THE WEATHER: it drizzles. it sprinkles. it will be cloudy/overcast/foggy. but several days a year, we have glorious summer sunny days. if you want/need more than 5 of these per year, live somewhere else. we don't want to hear you complain about the weather after you move here.
winter is similar to late fall/early spring in similar latitudes. we had a cold snap with snow that lasted the better part of a month 2 years ago, but often we don't have snow at low elevation more than a few days a year, often 1 day at a time, it's not unusual to not get snow at all in a winter. for winter driving, our snow is wet, very slippery, our drivers never get a chance to develop their snow driving skills, and 1/2 the driver in urban/suburban streets are from so cali, anyway. and SUVs are very popular.
another point. this area has had a very high influx of new population, and racially diverse immigrants are far more popular than californians. if you don't want to experience the seattle freeze, leave your 49ers jersey in cali. or not, your choice.
in the tacoma to everett sprawl, traffic is bad. there is no local intention to fix this in any way. if your commute is only 30 minutes, you have a very local commute and/or work some very strange hours. i used to work construction, and that included shifts that would end at 3:30 in the morning. there is always traffic at 3:30, but usually only backs up for an accident. any other time, traffic backups are a primary consideration in how you get where you are going.
as to taxes, no income tax, sales tax is around 9%. property taxes are directly proportional to population density, similar to the voting patterns. i live in a large house on 5 acres. my property taxes are about 60% of the medium size house i have in a suburb. i expect to cover property taxes on the future tree farm with selective thinning.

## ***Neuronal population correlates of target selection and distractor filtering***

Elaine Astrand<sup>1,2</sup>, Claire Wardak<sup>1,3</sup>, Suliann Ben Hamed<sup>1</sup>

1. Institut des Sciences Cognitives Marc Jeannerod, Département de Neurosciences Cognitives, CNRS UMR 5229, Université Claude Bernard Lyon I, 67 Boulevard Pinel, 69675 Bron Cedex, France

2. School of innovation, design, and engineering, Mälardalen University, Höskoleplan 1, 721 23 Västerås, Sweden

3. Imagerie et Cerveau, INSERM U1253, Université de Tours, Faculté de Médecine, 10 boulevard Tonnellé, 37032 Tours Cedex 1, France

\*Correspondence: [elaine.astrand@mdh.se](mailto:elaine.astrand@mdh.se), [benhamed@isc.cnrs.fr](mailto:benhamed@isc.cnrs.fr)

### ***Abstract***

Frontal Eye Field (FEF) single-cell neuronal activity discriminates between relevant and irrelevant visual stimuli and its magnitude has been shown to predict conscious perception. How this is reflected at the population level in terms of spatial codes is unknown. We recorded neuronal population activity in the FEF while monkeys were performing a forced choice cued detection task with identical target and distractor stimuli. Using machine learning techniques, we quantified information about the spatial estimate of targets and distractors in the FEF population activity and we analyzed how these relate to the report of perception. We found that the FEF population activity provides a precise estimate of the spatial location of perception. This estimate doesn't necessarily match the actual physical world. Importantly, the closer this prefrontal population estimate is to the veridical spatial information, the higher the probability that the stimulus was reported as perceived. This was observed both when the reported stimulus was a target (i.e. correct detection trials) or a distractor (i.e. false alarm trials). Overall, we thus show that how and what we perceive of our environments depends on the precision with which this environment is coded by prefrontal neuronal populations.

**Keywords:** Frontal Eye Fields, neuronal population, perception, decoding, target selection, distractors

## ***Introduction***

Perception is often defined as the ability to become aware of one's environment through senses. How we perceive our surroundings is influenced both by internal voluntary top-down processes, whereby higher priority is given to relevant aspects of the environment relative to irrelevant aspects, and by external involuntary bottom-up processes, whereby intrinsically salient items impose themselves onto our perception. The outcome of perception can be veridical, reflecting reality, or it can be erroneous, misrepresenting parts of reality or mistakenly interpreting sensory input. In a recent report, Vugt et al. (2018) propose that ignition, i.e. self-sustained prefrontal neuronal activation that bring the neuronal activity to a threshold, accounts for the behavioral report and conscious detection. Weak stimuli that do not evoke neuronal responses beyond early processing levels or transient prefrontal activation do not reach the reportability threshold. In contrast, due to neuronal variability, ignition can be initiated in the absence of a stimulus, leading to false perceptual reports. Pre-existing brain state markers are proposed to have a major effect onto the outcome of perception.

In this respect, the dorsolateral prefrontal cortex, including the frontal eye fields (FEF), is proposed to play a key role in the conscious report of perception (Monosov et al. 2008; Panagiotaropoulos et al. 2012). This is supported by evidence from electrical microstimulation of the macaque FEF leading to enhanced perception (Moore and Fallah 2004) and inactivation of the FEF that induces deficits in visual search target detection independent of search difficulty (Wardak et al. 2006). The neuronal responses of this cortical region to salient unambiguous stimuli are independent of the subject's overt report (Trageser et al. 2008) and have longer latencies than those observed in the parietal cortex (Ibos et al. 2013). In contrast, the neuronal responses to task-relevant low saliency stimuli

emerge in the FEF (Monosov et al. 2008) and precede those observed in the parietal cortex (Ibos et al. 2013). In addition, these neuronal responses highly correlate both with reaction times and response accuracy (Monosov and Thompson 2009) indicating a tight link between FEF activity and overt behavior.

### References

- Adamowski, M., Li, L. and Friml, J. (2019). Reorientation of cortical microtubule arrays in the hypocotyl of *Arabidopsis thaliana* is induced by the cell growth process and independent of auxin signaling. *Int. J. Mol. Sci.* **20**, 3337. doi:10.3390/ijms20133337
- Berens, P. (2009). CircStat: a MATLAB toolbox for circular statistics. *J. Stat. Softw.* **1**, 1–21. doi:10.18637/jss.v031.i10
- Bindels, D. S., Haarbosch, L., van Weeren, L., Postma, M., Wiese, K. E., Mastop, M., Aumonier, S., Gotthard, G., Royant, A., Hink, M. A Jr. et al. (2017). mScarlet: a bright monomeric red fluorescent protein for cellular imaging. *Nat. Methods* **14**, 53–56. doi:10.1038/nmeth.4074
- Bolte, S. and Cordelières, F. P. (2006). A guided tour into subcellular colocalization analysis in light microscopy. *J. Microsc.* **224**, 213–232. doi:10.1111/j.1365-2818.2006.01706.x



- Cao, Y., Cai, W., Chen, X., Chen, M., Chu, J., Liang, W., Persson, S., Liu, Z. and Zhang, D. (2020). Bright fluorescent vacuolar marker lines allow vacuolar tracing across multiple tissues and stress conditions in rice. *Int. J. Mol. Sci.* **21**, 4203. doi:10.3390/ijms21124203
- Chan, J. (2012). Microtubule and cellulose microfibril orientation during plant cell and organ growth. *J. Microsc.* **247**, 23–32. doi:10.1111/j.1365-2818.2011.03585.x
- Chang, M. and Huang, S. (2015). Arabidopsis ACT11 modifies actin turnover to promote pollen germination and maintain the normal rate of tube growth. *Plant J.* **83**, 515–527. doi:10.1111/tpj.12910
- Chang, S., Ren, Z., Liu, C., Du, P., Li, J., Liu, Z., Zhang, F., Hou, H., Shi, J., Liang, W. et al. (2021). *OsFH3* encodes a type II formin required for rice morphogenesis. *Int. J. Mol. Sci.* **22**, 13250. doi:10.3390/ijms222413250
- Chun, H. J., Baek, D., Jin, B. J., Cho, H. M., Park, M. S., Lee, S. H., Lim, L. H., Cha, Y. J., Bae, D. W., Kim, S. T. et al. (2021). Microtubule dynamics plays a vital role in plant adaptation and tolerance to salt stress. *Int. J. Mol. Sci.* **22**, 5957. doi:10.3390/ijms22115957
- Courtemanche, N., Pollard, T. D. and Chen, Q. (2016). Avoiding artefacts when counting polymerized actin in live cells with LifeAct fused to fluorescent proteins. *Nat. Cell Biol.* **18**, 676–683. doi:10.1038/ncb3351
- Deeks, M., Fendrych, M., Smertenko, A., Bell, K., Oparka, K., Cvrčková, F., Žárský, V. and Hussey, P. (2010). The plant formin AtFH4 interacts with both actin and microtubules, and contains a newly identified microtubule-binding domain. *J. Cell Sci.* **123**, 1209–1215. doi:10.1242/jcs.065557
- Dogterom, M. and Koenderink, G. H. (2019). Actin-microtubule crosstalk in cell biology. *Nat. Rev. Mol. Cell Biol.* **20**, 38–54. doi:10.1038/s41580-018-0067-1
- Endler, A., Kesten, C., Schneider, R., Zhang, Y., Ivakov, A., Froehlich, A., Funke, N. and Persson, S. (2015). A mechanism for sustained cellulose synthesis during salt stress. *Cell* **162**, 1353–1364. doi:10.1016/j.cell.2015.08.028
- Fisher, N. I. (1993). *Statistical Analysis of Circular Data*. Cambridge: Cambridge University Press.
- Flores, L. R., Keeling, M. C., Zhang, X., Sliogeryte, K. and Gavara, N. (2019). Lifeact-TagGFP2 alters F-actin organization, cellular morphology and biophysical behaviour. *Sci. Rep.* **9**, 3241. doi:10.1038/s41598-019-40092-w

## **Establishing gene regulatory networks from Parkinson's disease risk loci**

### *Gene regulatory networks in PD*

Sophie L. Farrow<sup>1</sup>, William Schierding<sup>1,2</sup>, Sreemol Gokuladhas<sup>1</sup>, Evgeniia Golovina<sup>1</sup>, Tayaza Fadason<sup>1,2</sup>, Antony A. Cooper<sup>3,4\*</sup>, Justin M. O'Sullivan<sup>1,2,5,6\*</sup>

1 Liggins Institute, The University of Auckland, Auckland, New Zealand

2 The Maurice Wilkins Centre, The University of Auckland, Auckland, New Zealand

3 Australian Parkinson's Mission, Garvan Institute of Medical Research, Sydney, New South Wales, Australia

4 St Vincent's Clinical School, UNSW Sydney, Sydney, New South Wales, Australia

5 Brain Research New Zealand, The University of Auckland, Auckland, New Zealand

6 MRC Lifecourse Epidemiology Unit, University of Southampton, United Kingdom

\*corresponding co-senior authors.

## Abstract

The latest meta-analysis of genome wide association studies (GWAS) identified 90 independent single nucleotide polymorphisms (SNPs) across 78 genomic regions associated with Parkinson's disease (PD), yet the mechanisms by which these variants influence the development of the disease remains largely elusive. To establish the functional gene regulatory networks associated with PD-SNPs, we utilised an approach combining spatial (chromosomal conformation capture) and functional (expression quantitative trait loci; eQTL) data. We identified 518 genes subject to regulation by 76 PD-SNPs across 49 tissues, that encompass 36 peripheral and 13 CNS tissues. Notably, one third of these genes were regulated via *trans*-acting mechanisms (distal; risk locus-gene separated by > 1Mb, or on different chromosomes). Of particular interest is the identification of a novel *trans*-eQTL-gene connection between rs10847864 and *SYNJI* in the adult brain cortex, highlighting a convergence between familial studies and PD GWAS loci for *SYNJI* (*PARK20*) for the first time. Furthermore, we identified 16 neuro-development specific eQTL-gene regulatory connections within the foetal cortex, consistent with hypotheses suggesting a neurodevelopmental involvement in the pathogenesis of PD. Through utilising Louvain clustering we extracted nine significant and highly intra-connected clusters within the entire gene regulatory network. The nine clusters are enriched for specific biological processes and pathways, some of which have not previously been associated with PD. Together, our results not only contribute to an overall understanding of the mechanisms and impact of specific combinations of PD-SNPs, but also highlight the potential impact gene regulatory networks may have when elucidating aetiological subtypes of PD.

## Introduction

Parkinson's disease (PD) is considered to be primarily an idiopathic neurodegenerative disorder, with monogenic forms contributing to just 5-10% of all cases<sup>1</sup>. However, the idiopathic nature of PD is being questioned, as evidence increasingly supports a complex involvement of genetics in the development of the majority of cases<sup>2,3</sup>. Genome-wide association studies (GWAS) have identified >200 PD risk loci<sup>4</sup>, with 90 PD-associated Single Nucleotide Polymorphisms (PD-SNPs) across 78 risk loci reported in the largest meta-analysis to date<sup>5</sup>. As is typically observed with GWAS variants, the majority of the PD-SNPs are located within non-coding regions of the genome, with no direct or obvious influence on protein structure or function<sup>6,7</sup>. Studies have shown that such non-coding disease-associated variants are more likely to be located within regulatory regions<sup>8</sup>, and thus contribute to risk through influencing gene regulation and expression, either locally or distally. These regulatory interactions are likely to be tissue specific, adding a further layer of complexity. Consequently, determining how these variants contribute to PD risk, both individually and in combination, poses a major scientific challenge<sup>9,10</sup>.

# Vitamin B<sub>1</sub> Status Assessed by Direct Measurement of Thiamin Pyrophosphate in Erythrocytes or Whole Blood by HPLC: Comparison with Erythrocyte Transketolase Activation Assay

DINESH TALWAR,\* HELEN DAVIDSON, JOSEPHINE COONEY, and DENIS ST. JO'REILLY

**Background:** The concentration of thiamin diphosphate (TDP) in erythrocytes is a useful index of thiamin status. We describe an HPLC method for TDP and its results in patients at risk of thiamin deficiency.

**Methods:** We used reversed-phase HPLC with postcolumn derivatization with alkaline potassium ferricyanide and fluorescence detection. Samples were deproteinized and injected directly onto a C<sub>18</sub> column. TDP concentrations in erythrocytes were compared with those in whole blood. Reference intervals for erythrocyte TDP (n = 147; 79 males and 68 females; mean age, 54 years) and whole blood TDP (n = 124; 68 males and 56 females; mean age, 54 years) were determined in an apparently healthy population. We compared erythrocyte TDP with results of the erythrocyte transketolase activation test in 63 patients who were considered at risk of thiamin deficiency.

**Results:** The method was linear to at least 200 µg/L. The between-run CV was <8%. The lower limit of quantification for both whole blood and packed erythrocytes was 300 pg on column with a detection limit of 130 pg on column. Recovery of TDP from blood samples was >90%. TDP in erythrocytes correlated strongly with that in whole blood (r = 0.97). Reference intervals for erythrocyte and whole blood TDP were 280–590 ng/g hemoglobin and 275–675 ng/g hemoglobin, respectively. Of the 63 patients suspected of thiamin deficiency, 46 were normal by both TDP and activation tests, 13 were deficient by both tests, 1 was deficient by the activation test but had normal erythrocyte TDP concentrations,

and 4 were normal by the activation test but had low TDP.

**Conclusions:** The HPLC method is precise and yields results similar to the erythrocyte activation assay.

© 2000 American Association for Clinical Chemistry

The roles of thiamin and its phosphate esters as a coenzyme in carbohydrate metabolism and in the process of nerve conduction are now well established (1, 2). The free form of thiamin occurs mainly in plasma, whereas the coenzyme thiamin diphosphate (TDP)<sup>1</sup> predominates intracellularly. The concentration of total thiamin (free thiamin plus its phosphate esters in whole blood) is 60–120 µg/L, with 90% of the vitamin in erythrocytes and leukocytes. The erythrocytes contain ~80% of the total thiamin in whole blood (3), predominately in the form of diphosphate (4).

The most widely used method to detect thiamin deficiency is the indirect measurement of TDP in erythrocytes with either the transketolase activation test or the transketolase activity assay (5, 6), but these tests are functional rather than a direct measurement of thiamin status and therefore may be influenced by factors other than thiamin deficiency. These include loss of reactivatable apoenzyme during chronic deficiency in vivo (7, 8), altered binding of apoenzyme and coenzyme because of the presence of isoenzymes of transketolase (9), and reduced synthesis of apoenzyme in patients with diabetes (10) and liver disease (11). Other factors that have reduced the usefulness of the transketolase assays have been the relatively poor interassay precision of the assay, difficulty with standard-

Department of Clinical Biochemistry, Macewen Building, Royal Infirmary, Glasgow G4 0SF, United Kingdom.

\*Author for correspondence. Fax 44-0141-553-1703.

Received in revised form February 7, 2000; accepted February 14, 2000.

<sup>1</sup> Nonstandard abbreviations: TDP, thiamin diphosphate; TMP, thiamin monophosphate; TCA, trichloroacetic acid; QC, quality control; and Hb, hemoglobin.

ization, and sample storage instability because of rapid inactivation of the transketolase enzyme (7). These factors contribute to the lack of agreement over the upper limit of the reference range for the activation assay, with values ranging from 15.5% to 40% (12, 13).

as a rural western washingtonian, the only advantage your cities and college towns seem to have is that you will have more people to entertain you, if you like/need that kind of thing.


Riggerjack
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Post by Riggerjack »

so, i live on south whidbey, and talked it up a bit, but this is not where i intend to retire. my friends are on the mainland, so when i retire, i'll sell off some rentals, and buy a small tree farm, 40 or so acres, and build my ideal home/shop there. probably in eastern skagit county. set up the tree farm to harvest after i die, set up as much as possible as my cemetery, and start up a retirement business.


George the original one
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Post by George the original one »

> What kinds of frills? Miniature American flags for all?
$300 million for bike transit over the next 20 years.